We are, quite simply, a people who place more value on anything foreign. Anything proceeding from outside our national and continental borders is treated with more seriousness and respect. I think we have a very comely term for that: hospitality. This is in sharp contrast to the Caucasian, who—though never inherently a higher grade of humans than the rest of us, as they like to pass themselves off to be—seem always to find ways of belittling people of other nationalities and more overtly, race. And I am not even advocating that we take on this abhorrent attitude of the Caucasians. What we need is a deep sense of self-worth—one that does not make small itself, to uplift another; nor make big itself to make little, others. I seem to be digressing.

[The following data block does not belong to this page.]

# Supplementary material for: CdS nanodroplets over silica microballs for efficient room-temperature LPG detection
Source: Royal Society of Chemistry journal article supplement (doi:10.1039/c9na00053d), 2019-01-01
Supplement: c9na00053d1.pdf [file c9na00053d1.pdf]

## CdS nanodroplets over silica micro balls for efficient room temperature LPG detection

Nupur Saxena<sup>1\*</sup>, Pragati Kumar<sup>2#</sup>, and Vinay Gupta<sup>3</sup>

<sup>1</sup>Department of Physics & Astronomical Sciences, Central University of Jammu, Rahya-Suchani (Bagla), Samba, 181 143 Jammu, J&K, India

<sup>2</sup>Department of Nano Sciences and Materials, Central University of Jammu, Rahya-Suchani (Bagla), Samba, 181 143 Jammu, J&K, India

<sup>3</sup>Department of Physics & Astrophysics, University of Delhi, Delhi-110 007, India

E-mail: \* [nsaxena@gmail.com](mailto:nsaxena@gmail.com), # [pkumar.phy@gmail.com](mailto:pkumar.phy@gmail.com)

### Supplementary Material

The Diaspora is a very eventful word; we are showing signs of reducing it to the borga of old. The Diaspora does not and should not have the same attitude as that family member of yours, a few years past—and now even—who has placed him/herself on a higher pedestal just because they dared tread outside our national borders into the white man’s land to toil. The Diaspora does not and should not arrive on the African soil with noses turned up, like the petty borga, on the African journey. They are a people seeking home, to retrace their steps, and to find their kindred.

Crash course—a history into the term